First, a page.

Fed up with Western ideals of beauty, diaspora
black women are stepping up the fight to proudly own their image, but the
battle is far from won.
Just how much beauty is in the eye of the
beholder? For black women finding themselves living in a culture that often
glorifies Western ideals of beauty, particularly in the entertainment and
fashion industries, this has long been a struggle.
From skin tone and natural hair to body type,
many women of colour have had enough of trying to conform with European styles
and have drawn a line in the sand to proudly take ownership of their look.
“We feel we must have flowing hair and narrow
hips to conform, having to use self-lightening creams to be acceptable to
society,” says Christine Spencer, a 39-year-old British-born Ugandan.
The pressure on girls to emulate the
airbrushed images on magazine covers remains immense, but now some women of
colour are determined to push for greater ownership of black women’s identity.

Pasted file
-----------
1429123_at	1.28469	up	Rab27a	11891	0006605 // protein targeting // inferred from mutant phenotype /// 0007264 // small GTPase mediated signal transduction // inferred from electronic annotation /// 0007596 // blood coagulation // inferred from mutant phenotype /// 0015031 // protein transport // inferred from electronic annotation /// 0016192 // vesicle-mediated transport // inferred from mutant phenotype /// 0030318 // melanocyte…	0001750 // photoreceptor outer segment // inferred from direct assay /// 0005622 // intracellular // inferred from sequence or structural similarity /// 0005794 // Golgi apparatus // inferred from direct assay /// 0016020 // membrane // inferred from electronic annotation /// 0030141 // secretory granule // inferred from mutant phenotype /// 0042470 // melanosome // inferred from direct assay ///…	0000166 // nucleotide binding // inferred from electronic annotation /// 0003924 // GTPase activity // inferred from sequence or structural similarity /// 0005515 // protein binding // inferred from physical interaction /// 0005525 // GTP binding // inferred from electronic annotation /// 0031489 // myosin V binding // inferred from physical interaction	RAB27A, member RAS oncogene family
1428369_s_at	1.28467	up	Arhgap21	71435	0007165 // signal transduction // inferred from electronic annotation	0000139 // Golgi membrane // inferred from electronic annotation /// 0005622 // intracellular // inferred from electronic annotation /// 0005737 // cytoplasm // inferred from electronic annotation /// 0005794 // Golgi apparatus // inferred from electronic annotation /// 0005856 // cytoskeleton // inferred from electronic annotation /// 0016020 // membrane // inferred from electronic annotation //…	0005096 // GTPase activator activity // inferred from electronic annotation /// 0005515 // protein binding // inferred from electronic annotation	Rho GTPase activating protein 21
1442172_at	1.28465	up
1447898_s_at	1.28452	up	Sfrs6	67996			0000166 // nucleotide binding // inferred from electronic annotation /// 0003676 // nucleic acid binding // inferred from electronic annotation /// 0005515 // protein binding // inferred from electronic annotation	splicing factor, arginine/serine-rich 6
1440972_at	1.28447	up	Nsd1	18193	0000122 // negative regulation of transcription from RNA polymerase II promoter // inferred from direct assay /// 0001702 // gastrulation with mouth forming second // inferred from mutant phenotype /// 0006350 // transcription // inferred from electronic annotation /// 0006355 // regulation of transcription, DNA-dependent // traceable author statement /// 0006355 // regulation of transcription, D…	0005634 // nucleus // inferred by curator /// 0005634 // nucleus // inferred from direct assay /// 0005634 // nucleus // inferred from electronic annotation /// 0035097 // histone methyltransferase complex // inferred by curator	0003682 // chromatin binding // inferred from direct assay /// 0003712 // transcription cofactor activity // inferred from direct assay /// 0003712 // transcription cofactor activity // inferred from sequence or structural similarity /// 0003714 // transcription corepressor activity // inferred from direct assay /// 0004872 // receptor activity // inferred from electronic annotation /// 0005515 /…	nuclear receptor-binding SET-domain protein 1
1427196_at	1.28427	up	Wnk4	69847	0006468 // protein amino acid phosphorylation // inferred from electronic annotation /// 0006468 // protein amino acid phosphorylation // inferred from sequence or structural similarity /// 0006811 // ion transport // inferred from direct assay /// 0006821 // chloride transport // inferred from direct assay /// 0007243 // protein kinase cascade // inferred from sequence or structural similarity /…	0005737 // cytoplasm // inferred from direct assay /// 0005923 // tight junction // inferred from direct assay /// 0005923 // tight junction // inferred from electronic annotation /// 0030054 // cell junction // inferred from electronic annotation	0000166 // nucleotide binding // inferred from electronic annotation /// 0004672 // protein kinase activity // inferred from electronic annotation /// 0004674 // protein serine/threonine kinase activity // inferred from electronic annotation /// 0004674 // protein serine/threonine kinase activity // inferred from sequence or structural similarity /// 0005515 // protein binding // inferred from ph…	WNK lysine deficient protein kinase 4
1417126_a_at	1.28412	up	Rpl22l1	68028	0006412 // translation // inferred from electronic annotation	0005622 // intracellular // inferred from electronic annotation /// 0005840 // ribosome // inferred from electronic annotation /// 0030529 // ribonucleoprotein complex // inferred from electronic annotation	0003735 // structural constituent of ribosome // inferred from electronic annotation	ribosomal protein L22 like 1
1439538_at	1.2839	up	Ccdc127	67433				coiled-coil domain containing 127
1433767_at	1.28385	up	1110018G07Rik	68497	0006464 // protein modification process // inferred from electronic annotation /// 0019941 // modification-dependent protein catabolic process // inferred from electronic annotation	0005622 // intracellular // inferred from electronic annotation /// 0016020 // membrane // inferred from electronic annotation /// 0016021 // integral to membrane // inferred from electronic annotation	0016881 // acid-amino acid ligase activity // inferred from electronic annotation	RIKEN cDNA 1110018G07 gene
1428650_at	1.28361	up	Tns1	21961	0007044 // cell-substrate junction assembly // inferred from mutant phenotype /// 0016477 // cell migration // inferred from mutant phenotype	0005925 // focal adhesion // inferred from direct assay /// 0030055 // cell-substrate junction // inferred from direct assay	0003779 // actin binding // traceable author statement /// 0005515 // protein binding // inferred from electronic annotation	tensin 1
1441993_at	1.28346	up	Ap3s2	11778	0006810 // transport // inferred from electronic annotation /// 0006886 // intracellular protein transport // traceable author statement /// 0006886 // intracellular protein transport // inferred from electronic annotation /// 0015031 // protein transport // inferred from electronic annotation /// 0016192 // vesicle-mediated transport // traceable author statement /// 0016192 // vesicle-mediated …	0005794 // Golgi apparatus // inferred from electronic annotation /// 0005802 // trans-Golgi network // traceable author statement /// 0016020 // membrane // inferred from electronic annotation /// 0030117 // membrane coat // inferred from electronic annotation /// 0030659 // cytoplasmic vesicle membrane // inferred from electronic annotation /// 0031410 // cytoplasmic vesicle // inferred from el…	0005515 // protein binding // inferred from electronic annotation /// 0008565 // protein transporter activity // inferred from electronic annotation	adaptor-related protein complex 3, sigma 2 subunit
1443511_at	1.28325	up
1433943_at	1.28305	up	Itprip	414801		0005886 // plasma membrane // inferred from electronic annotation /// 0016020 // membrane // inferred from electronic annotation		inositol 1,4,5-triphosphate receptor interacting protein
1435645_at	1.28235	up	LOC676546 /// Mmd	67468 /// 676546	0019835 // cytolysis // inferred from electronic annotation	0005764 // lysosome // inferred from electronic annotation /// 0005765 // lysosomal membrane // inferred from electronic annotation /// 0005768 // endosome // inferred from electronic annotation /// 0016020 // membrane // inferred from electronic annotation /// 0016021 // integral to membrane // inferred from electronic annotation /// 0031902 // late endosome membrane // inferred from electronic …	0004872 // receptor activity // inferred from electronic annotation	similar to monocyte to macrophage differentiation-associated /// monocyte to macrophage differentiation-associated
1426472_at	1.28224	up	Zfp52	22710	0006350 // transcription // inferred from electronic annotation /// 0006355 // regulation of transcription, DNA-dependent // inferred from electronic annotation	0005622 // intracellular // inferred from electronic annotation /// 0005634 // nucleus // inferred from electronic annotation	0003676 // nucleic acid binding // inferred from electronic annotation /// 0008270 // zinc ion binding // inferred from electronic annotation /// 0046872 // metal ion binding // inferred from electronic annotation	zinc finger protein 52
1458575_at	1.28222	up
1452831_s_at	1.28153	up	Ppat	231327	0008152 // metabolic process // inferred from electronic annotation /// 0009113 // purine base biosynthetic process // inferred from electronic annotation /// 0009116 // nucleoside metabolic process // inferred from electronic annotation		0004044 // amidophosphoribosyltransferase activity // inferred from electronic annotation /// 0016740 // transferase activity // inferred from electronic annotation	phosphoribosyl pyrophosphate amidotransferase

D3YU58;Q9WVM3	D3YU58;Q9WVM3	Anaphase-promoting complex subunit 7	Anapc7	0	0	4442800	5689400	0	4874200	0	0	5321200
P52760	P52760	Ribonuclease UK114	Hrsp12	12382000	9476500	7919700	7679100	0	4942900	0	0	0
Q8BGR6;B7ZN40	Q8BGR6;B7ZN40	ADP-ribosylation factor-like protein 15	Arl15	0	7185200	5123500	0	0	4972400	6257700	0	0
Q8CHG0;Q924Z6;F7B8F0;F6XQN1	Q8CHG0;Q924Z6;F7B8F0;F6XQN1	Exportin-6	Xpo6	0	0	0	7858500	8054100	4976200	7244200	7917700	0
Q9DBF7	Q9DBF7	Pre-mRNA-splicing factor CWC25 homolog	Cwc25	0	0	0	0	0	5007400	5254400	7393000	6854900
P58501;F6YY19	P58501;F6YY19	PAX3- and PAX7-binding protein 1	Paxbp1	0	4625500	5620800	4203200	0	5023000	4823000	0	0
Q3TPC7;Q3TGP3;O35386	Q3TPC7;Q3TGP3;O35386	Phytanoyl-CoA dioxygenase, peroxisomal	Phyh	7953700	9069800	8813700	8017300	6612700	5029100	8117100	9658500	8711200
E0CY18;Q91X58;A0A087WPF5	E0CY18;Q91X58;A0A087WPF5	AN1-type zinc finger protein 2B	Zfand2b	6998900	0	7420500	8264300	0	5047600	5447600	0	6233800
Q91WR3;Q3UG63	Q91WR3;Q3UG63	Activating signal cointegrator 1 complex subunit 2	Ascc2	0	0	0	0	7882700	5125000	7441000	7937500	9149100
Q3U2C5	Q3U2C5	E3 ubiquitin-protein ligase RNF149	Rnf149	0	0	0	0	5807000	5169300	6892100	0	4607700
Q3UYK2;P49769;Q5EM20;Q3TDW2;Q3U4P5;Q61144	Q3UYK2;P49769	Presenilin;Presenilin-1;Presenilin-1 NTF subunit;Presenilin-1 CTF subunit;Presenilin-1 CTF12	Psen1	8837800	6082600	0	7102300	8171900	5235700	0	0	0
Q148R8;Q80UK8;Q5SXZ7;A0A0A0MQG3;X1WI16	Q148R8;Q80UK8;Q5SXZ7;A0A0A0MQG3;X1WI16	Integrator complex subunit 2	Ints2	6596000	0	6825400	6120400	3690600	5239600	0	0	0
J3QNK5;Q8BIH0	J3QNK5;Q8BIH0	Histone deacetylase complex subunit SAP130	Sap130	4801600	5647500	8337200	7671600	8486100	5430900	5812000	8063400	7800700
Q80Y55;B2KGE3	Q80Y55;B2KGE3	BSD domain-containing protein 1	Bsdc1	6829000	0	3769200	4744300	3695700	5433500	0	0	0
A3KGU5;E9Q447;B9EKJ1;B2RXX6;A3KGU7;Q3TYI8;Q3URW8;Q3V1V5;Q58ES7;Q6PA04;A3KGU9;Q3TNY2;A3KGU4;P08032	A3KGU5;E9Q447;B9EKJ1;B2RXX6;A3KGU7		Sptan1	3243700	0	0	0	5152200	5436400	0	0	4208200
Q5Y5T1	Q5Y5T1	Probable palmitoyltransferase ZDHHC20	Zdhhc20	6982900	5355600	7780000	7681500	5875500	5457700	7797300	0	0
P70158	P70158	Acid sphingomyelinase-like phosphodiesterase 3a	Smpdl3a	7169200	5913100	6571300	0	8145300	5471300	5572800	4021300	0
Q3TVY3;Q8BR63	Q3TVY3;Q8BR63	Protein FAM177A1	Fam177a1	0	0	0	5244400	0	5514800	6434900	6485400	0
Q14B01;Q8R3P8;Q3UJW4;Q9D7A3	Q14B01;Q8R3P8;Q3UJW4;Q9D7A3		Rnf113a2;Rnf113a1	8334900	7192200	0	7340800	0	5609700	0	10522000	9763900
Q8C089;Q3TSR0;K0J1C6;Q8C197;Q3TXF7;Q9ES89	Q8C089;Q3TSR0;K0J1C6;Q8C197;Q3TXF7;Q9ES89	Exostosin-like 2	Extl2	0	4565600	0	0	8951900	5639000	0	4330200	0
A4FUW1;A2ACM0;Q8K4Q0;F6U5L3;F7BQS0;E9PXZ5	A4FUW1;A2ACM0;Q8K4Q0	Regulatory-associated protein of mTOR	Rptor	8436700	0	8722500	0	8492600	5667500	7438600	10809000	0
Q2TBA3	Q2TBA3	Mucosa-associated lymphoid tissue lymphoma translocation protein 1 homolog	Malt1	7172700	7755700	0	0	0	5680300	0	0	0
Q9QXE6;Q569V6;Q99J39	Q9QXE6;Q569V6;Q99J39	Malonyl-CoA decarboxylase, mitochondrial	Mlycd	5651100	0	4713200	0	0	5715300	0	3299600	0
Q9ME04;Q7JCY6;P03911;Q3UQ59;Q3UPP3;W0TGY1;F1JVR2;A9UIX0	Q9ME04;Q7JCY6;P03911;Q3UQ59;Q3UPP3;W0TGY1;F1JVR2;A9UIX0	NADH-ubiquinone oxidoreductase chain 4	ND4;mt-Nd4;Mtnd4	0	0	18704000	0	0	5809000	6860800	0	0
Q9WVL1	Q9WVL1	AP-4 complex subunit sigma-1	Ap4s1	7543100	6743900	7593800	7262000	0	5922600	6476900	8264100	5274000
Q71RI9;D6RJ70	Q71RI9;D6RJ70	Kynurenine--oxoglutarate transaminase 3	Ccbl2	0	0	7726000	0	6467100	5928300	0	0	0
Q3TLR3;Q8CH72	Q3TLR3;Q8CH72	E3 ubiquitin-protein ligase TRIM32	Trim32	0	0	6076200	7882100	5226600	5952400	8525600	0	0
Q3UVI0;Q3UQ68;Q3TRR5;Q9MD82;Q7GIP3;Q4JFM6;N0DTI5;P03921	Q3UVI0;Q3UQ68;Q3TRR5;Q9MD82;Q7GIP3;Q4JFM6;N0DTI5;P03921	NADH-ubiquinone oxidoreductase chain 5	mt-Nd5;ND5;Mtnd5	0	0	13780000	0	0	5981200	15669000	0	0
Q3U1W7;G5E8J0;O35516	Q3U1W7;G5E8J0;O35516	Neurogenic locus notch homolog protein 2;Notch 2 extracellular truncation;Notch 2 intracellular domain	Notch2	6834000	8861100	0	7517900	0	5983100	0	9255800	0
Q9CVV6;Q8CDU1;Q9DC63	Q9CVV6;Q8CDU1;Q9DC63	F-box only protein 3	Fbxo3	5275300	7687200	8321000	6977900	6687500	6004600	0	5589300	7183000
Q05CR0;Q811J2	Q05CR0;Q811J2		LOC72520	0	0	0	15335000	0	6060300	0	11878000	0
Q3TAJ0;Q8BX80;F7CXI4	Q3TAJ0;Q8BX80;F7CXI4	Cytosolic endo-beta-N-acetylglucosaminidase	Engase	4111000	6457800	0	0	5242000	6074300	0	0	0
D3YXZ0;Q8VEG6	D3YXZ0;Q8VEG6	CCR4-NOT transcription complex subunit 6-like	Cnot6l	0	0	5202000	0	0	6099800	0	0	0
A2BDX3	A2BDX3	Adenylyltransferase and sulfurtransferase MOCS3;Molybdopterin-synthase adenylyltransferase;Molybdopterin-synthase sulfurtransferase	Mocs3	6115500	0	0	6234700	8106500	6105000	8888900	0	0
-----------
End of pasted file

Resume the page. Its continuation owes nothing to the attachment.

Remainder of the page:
EMBRACE THE KINKY CURLS
It’s not just the shade of their skin that
black women worry about, but also their hair. As Nigerian author Chimamanda
Ngozi Adichie once put it, the idea of wearing hair naturally is unbearable for
many women. But some are breaking the mould.
“Black women need to own their image,” says
39-year-old French-Senegalese journalist, filmmaker and anti-racism activist
Rokhaya Diallo, who was one of the first African women to make prime-time
television in France with natural short hair.
The nappy movement is encouraging black women
to embrace their natural kinky curls much in the same way as the 1960s Black is
Beautiful movement; so too has the presence of dark-skinned celebrities such as
Kenyan actress Lupita Nyong’o.
But there is still a long way to go.
“It’s a psychological battle,” admits Afia
Badu, a 33-year-old Ghanaian-born British lawyer. “We all want to be beautiful.
We worry about other people’s perceptions.”
A PLACE OF ACCEPTANCE
How do black women overcome a burden that costs
time and money and makes it impossible to ever sweat, forget an umbrella or go
swimming? Many African women in the diaspora don’t see any way around it.
Betty Akello, a 50-year-old housing officer in
the UK, laughs when she recalls the reaction of family and friends in Uganda
when she started dieting to lose weight: “Men back home like their women
Fashion bloggers are doing the rest. Social
media stars Fiona Kolade and Adanna Ohakim are helping black women to fall in
love with their own images.
"We’re coming into a place of acceptance,
where we can say we’re just as valid," adds Badu.